Standing There Today

Recently I have been thinking about the lines between performers and audience. Specifically I was thinking about this when reading  Nitzavim,this week’s Torah portion. There we see the Israelites standing at Sinai. We read:

You are standing today, all of you, before Hashem, your God: your leaders, your tribes, your elders, your officers … for you to enter into a covenant with the Lord, your God … in order to establish you today as a people to God and God will be a Lord to you … and God spoke to you and as God swore to your forefathers, to Abraham, to Isaac, and to Jacob. Not with you alone do I forge this covenant and oath but with whoever is here, standing with us today, before the Lord, your God, And with whoever is not here with us today.” (Excerpts from Deuteronomy 29:9-14)

What does the Torah mean “whoever is not here’? There was clearly an audience to the Torah at Sinai, how could people who are not there connect to the experience. Rashi comments that this means to also include the generations that will exist in the future. Rashi’s comments are based on the Midrash which says:

The souls of all Jews were present at the making of the covenant even before their physical bodies were created. This is why the verse says ‘with us today’ and not ‘standing’ with us today. (Tanchuma, Nitzavim 3)

Even if we accept that all of our souls were brought to Sinai and that in some way our souls accepted God’s Torah as binding upon us, how could that acceptance and oath be valid? We certainly have no recollection of ever being present at Sinai and making an oath. So, how are we to understand the Midrash and the Rashi who claim that all of the generations were at Sinai, accepted the Torah, and that it is a binding agreement?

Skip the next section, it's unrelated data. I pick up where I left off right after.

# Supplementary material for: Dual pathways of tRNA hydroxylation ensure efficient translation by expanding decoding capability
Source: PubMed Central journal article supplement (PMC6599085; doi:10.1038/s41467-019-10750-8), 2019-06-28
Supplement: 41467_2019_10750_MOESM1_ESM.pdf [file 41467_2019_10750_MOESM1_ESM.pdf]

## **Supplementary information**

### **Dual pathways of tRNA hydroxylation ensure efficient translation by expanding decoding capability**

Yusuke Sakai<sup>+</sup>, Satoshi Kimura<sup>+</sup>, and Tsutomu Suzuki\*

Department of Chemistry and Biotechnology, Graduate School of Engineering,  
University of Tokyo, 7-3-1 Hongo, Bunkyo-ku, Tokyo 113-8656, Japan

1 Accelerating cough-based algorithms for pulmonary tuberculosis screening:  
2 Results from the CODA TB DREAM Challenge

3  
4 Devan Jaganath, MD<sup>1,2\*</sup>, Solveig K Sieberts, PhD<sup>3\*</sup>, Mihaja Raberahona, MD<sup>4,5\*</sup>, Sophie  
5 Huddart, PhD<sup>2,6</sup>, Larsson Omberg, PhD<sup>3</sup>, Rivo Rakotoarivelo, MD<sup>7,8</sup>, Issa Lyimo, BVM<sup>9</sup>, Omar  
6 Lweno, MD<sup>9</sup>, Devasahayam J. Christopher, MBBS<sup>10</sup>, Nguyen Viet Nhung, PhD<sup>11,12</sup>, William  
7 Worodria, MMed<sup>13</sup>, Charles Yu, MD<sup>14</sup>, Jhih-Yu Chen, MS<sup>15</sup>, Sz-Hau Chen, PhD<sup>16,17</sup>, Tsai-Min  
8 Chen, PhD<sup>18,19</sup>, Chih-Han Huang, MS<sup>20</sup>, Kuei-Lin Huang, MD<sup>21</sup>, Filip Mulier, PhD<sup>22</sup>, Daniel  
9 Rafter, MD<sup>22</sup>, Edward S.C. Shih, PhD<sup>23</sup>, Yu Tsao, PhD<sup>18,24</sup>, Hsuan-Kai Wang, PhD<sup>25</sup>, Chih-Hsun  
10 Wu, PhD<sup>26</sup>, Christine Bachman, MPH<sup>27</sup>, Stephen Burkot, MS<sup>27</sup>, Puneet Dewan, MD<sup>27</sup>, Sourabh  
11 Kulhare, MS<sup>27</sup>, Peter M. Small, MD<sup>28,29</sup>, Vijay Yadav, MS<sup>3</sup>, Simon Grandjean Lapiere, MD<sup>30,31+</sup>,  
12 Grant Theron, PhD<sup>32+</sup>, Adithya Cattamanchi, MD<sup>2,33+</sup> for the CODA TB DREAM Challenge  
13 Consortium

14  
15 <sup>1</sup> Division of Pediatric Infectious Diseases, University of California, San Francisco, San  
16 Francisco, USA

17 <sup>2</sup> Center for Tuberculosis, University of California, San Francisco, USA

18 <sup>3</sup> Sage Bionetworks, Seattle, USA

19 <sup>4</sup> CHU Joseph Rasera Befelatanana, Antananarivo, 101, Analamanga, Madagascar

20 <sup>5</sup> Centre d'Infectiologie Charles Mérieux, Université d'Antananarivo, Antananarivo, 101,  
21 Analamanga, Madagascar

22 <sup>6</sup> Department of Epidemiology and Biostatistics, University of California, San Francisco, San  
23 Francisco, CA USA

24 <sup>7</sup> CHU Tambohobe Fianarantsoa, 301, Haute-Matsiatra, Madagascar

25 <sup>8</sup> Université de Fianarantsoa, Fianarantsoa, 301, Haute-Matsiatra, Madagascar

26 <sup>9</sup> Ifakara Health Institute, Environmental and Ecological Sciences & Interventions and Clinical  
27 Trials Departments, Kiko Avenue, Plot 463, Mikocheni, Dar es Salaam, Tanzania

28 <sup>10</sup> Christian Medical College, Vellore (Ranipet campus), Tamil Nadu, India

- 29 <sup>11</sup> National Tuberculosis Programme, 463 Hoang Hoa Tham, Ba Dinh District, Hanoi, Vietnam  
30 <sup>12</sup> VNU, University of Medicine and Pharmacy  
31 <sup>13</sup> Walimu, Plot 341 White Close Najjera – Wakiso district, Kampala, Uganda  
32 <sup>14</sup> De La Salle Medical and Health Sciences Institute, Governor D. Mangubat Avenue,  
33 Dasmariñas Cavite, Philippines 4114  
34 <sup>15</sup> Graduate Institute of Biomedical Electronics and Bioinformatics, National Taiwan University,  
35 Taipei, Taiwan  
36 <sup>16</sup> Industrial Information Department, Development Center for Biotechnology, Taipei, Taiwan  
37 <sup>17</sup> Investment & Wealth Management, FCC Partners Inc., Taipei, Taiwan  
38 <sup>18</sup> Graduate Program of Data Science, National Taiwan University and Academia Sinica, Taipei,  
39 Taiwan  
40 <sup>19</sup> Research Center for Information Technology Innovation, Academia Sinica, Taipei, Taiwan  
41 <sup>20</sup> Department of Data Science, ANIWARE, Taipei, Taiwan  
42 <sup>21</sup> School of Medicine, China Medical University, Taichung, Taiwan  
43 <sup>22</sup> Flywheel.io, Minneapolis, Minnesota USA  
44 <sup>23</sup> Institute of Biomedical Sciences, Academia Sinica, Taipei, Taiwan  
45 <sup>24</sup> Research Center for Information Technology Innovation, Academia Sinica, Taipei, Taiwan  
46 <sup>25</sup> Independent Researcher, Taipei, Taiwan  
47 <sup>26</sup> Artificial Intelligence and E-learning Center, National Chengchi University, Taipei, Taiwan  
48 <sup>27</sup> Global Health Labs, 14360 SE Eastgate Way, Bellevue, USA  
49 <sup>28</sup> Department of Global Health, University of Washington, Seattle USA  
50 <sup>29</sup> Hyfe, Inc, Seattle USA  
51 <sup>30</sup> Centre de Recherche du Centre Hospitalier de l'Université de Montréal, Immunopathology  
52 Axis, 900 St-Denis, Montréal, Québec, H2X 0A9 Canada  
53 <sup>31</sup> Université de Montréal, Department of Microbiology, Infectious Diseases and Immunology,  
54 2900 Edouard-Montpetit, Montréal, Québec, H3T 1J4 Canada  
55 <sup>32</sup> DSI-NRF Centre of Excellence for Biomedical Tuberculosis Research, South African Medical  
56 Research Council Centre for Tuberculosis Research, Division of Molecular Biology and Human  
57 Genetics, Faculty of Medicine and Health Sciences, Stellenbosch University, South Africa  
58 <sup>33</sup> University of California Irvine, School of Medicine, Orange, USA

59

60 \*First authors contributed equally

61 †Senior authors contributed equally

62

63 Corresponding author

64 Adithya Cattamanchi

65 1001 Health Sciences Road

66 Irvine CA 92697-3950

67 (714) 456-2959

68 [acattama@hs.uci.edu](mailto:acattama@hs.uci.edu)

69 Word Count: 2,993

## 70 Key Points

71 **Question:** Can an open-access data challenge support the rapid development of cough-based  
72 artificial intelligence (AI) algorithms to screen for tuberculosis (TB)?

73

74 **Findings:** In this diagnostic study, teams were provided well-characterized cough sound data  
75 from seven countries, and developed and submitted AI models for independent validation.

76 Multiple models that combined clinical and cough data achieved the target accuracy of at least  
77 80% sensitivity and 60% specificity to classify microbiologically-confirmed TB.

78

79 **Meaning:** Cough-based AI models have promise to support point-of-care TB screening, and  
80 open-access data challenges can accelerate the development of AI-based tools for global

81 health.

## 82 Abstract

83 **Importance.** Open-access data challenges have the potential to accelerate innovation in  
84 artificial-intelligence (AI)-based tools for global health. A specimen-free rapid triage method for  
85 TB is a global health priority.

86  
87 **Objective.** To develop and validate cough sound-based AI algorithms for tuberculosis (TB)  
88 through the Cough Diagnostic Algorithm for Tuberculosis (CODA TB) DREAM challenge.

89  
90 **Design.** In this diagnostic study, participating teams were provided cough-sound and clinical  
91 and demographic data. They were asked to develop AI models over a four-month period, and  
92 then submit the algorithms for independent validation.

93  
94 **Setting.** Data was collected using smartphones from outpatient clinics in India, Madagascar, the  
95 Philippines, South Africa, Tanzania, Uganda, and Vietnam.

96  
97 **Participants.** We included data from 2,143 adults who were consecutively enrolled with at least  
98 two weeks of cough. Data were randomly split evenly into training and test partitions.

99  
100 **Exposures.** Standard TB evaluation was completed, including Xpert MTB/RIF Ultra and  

This question gets spelled out graphically in the Gemara in Shabbat. There we learn:

“And they stood under the mount” ( Exodus 19:17)  Rabbi Abdimi ben Hama ben Hasa said: This [literal reading ‘under’] teaches that the Holy One, blessed be God, overturned the mountain upon them like an [inverted] cask, and said to them,’If you accept the Torah, all is well; if not, there shall be your burial.’ Rabbi Aha ben Jacob observed: This furnishes a strong protest against the Torah [It provides a legitamate excuse for non-observance, since it was forcibly imposed in the first place.] Said Raba, Yet even so, they re-accepted it in the days of Ahashverosh [the King from the Purim story in the book of Esther] , for it is written, “[the Jews] confirmed, and took upon them [etc.]”( Esther 9:27) [i.e.,] they confirmed what they had accepted long before. ( Shabbat 88a)

The Gemara reframes the acceptance of the additional commandments instituted around the holiday of Purim to be an acceptance of the entirety of the Torah. This is interesting in many ways. The part that interests me today is how it shifts their role. In the Revelation story, God is on stage and we are the audience. In the story of Purim we are not even sure if there is a divine audience, but we are clearly on stage. At Sinai we were the consumers of Torah and then on  Purim we become producers. When Jews choose to participate in Jewish life, we too becomes producers and enjoin ourselves to divine act of revelation. In this way we are really standing there today.

 

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